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Prioritizing Natural Gas Proving Problematic For Europe

by YAR

Emily Pickrell, UH Energy Scholar

As the world discusses its plans for an energy transition, one of the trickiest topics is the role natural gas will play.

It is both a fossil fuel and a much-needed bridge fuel for an energy transition, as the needed technology – think large-scale batteries, electrified industrial furnaces, and offshore wind, for example – matures.  

At the same time, some states in the US have been vocal about criticizing hydraulic fracturing that has yielded a prolific amount of natural gas  – New York, for example, permanently banned this technology approach in 2020.  

Yet prolific amounts of natural gas being produced in the Texas Eagle Ford Basin and the Appalachian Haynesville Basin make such political posturing largely irrelevant – the East Coast still gets a steady flow for its heating and power needs.

How the EU plans to meet its natural gas demand in an energy transition is trickier. The center of its energy news now is the escalating prices for natural gas, a reflection of an insufficient supply to meet its growing needs. Natural gas’ price has skyrocketed, reaching more than $130 per megawatt-hour on Dec. 13. That’s more than five times its European price this time last year.

The high prices partially reflect a worldwide tight market for natural gas, exacerbated by problems in production and a growing demand in a post-Covid lockdown recovery boom.

Relief from the gas shortage in Europe has been held up by contention over the Nord Stream 2 pipeline, which would bring gas from Russia to Germany via an underwater pipeline in the Baltic Sea.

The new German government, however, has made approval contingent on support from the European Commission, which is requiring Gazprom to follow its gas directive rules. Under these rules, gas suppliers must allow third party access to pipelines and provide price transparency. They are also required to decouple production from delivery.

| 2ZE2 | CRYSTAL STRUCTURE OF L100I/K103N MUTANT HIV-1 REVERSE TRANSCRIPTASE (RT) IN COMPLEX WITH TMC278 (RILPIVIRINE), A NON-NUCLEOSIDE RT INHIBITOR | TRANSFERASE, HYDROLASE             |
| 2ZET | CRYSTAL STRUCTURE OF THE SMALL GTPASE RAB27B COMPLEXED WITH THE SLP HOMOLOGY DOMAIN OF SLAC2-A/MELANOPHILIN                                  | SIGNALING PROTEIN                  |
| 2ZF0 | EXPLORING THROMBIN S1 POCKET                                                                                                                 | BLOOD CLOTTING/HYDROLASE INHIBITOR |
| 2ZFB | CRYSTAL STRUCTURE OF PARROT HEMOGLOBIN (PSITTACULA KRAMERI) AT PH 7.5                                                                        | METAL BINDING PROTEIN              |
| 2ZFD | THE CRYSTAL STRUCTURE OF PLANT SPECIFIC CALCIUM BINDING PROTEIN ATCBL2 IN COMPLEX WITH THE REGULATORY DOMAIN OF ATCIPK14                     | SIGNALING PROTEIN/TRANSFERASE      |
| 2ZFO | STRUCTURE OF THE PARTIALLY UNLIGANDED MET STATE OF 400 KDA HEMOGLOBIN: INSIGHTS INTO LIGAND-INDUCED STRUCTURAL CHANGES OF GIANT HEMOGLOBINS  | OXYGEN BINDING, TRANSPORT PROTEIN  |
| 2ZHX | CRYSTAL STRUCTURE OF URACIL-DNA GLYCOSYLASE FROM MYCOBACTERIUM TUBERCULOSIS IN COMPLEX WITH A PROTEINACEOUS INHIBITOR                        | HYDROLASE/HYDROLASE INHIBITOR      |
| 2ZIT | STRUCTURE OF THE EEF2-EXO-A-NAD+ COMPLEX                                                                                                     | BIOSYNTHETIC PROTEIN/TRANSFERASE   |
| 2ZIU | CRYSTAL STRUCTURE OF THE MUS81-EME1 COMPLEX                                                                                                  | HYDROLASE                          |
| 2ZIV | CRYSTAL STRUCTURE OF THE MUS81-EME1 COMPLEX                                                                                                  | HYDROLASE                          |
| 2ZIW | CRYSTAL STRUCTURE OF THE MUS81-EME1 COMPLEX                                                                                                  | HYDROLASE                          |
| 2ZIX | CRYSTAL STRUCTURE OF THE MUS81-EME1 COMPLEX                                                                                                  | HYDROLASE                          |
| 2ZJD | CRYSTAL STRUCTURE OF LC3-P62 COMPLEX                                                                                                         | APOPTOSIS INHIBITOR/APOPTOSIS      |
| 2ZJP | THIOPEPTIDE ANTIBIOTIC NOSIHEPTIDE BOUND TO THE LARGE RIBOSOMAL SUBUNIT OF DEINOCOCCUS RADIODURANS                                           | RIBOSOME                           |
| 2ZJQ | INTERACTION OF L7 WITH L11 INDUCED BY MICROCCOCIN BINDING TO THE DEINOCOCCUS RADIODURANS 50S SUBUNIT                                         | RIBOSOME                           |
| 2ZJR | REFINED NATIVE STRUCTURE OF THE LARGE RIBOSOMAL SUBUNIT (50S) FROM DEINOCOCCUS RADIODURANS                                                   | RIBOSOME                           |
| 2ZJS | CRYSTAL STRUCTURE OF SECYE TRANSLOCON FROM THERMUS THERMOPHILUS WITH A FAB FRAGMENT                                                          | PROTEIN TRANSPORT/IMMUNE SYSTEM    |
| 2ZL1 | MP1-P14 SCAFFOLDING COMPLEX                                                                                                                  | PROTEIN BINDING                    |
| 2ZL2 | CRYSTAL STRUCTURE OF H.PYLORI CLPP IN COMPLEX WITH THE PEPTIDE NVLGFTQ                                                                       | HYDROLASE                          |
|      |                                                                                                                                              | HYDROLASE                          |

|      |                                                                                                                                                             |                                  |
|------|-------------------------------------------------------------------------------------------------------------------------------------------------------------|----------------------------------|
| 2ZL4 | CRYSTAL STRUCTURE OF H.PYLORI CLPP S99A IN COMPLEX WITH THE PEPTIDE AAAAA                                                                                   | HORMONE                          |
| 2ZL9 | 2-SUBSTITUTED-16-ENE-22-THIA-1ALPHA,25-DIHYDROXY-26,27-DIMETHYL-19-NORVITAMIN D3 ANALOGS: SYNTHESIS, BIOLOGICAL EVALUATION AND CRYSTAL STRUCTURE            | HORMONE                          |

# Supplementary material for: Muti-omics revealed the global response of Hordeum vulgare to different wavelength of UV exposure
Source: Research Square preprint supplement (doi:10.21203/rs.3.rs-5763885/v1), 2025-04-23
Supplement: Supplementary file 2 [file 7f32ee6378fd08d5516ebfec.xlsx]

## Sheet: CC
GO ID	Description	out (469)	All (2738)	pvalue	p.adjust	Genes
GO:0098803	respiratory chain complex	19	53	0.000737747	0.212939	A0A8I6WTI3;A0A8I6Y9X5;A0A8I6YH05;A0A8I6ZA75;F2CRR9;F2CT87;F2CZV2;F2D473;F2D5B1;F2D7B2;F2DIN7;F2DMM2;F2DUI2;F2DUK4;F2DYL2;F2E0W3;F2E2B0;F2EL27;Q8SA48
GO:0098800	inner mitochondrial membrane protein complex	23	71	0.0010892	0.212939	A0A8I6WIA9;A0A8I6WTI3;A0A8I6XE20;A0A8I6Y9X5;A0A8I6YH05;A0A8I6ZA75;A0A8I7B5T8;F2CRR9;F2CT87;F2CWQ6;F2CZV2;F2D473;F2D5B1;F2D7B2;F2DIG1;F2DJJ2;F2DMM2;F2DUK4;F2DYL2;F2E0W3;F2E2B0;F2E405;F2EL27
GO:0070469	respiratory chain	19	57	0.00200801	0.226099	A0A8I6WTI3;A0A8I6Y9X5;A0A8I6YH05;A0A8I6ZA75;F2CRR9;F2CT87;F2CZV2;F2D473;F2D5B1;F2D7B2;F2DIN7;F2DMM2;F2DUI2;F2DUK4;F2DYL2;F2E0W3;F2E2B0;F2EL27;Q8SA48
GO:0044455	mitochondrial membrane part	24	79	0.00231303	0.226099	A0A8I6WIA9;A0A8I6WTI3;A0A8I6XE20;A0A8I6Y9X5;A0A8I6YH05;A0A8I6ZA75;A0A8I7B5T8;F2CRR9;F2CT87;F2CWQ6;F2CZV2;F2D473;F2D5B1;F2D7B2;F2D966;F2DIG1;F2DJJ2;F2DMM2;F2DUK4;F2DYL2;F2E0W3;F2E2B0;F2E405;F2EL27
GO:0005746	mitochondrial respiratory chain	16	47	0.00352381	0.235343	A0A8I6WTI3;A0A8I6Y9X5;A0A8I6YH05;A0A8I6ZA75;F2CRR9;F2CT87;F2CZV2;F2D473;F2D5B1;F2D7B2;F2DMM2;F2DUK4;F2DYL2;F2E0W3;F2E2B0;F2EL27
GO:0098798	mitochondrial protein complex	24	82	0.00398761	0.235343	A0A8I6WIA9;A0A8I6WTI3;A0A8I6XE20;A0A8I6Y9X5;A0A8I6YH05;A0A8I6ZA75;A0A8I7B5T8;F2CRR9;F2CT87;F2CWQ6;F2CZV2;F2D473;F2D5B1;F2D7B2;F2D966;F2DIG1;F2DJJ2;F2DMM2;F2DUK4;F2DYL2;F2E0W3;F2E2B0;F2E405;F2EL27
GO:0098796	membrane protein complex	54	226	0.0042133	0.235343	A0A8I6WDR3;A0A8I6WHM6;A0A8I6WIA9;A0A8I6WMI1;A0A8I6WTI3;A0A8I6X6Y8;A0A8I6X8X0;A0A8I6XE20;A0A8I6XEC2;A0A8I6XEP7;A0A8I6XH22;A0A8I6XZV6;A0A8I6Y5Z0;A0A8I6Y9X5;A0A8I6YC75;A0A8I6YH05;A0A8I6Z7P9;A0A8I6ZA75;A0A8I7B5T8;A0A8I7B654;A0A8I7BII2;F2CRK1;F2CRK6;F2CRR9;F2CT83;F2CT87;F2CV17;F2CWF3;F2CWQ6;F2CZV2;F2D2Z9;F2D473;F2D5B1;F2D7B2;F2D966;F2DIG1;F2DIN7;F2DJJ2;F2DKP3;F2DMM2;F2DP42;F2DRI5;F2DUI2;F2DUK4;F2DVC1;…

Forcing Gazprom to comply with these requirements means it would not be able to act as a producer and supplier of gas, essentially gutting its competitiveness.

 “From my point of view, these conditions are unacceptable for Gazprom,” said Paul Gregory, an economics professor emeritus from the University of Houston, explaining that Gazprom’s role as the ministry of gas for the Kremlin means it is conducting foreign energy policy for Russia.

In Gregory’s view, its end game is to achieve dominance of European energy by controlling gas traffic.

This pipeline would have doubled the total capacity of the Nord Stream pipeline system.

The politics are the main challenge for the Germans and for the European Union. In 2019, construction was stopped after the U.S. established new sanctions against Russia for its aggressive posturing in the Ukraine. And while the construction has continued and the pipeline is said to be complete, it still needs blessings from Berlin and Brussels to become operational.

“I don’t think that the governments have woken up to how bad it is right now – how bad the energy prices, and where they reach could reach by the end of winter, and how that carries through into next year,” said Murray Douglas, research director of the European gas team at Wood Mackenzie, an international energy consulting firm.